Academic journal article Psychological Test and Assessment Modeling

The Decision-Oriented Interview (DOI) as an In-Depth Selection Interview

Academic journal article Psychological Test and Assessment Modeling

The Decision-Oriented Interview (DOI) as an In-Depth Selection Interview

Article excerpt

Introduction: The Decision-Oriented Interview (DOI) as a toolkit

A Decision-Oriented Interview is an interview that is planned, executed and evaluated according to scientific psychological criteria to enable decision-makers to reach satisfy-ing decisions (Westhoff & Kluck, 2012, p. 103). We use the term "satisfying" to characterize decisions under uncertainty (i.e. decisions where we don't know the best alternative in advance) when, after implementation of the decision, the decision-maker has no regrets about the way the decision was reached. There are a number of different reasons why decision-makers may regret the way a decision was reached, for example because they failed to take all the possible alternatives into consideration, because they didn't inform themselves adequately about the alternatives, because they weren't clear about their goals or values, or because they didn't have any contingency plans drawn up in case the alternative they actually selected turned out to be a bad choice.

Proficiency assessment is a sequence of inevitable decisions. If decision-makers do not reach each of these decisions with appropriate deliberation, they run the risk of later regretting how they reached their final decision because they made a mistake that could have been avoided. Decision-Oriented Assessment (DOA) (Westhoff & Kluck, 2012, first published 1991) provides a collection of rules for the whole process of psychological assessment which can also be used in the human resources sector. Our aim in this article is to offer an introduction to the Decision-Oriented Interview (DOI) - one component of the DOA process - in a way that is easy to follow. The DOI consists of a set of rules for the 1. planning, 2. execution, and 3. evaluation of proficiency assessment interviews. This article explains with illustrative examples what these rules mean in practice and how they are applied for planning the DOI as an in-depth selection interview. - The personal pronoun "we" is used in the following text because not only the members of the writer's team but a growing number of psychologists in the German-speaking countries and in all fields of applied psychology have been working with good success according to DOA and hence the DOI rules for more than two decades.

So-called "in-depth interviews" are used to develop a qualitative description of a candidate's behavior, i.e. how the candidate behaves, or has behaved in the past, under specific conditions. The assumption is that candidates will behave in the future in a similar way as in the past. There are scattered references to this kind of interview in the literature. The DOI systematizes the in-depth interview in a collection of rules that are compiled into well-structured checklists (Westhoff, 2013a).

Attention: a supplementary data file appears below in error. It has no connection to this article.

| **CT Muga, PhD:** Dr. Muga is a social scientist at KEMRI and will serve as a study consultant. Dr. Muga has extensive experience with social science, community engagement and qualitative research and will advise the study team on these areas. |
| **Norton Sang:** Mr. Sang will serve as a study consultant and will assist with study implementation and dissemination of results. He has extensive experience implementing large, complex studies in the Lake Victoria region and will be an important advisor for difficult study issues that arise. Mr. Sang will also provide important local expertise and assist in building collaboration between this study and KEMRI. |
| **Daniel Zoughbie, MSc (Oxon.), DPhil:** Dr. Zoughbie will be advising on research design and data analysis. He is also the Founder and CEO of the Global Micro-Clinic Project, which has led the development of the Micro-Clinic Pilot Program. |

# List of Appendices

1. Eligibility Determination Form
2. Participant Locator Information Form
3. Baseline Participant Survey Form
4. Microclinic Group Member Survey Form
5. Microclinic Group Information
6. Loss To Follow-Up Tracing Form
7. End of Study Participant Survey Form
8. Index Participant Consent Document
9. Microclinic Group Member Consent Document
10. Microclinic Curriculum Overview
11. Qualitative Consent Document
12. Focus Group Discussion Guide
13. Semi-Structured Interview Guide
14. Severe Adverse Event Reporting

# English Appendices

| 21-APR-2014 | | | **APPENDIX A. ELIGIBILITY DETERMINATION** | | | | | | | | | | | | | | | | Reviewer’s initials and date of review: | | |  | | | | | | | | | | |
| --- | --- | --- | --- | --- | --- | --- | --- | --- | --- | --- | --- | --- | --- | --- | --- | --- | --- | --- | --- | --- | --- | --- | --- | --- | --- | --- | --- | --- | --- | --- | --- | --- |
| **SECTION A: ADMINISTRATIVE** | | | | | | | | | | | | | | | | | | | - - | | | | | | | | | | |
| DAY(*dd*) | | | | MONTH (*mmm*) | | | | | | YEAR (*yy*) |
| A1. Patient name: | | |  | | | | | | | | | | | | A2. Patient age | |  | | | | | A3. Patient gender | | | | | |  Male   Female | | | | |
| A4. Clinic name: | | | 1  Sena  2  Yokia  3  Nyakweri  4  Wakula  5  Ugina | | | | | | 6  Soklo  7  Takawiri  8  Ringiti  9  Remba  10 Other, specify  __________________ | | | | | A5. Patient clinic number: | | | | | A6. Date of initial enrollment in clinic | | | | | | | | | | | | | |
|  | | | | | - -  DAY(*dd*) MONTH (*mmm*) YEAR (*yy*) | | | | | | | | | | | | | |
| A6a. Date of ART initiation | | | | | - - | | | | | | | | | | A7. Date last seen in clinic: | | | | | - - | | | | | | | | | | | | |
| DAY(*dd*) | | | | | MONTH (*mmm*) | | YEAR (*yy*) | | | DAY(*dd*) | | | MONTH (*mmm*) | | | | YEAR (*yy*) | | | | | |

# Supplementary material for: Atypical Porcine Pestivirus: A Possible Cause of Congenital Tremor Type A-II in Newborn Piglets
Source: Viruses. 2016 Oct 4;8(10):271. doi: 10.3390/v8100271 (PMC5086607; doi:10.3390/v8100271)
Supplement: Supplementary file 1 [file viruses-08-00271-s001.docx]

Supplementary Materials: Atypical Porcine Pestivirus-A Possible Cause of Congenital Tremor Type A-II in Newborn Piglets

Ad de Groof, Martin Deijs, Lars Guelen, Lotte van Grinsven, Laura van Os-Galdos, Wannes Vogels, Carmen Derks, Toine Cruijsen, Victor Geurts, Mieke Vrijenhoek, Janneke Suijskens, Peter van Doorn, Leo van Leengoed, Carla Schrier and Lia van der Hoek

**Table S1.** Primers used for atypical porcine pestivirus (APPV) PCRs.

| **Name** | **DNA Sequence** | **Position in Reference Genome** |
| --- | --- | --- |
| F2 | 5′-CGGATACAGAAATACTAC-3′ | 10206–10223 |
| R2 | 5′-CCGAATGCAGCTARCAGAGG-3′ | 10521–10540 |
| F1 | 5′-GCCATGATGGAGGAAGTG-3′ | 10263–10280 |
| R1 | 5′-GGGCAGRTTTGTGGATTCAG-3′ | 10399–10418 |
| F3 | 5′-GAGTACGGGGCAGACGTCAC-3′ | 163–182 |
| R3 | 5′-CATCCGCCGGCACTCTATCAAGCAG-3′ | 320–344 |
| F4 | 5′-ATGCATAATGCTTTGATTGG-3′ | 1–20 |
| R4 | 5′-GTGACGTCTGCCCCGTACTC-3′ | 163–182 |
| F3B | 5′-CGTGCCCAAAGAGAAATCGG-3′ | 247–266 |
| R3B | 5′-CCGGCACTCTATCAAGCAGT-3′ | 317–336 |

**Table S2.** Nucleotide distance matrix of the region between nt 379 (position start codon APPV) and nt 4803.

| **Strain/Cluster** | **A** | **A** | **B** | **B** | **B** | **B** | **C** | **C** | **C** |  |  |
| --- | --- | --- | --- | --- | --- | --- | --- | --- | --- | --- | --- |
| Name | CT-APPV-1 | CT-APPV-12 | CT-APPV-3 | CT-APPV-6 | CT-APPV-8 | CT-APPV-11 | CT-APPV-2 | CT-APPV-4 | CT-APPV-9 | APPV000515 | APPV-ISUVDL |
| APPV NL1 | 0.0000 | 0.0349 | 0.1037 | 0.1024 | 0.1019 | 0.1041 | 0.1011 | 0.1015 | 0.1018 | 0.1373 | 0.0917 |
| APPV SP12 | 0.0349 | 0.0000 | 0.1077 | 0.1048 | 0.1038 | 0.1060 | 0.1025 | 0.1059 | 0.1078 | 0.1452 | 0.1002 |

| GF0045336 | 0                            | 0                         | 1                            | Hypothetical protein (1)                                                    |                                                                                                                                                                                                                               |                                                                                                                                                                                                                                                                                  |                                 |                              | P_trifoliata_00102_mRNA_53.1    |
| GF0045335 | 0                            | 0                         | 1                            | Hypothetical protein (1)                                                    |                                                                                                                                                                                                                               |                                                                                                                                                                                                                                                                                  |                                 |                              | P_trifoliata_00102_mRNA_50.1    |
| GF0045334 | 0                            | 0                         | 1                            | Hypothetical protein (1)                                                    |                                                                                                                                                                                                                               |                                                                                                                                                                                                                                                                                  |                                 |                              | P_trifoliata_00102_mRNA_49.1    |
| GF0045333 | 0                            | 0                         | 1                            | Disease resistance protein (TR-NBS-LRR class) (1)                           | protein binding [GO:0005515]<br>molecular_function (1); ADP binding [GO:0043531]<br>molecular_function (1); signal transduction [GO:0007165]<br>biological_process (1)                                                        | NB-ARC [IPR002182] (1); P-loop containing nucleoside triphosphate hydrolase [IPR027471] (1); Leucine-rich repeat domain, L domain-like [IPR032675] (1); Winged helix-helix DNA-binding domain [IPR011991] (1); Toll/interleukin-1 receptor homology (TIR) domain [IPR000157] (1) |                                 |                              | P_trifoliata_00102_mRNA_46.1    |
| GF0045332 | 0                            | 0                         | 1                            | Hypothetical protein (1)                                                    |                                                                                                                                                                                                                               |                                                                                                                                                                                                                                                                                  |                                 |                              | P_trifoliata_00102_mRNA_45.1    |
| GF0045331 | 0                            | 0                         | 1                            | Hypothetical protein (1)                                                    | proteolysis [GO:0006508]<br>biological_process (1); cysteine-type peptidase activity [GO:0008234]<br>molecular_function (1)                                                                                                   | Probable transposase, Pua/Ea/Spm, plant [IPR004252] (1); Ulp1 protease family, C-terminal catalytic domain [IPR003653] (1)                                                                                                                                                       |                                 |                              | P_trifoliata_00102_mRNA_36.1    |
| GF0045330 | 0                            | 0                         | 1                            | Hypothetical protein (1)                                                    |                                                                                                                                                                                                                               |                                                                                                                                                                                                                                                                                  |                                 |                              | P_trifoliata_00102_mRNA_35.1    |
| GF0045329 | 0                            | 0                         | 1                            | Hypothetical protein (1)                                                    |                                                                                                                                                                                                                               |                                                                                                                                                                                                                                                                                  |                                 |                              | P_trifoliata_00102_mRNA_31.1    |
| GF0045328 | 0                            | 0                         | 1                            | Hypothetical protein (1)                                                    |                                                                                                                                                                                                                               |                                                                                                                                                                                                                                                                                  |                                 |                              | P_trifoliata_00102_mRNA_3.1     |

The core idea of the Decision-Oriented Interview (DOI)

In the DOI the interviewer always lets the interviewee describe their concrete behavior and experience in a specific situation, such that "I can imagine it as though I were watching a movie". The interviewer describes the critical incident to the interviewee and asks them to describe in detail what then happened in this performance-differentiating situation. The interviewee should not only describe their behavior but also what they thought at the time, how they felt and whether there were any physical consequences. All this information is helpful when one wants to predict how a candidate would behave in a comparable situation.

In learning psychology the pleasant consequences of a specific behavior are called reinforcement because the individual tends to want to experience the situation again. Possibly unpleasant consequences are called punishment because the individual then tries to avoid such a situation in the future. In an in-depth interview most interviewees will usually report this information spontaneously or after a slight nudge from the interviewer. This learning psychological information is also of crucial significance if one wants to understand, predict or influence behavior in performance-differentiating situations. …

Search by... Author
Show... All Results Primary Sources Peer-reviewed


An unknown error has occurred. Please click the button below to reload the page. If the problem persists, please try again in a little while.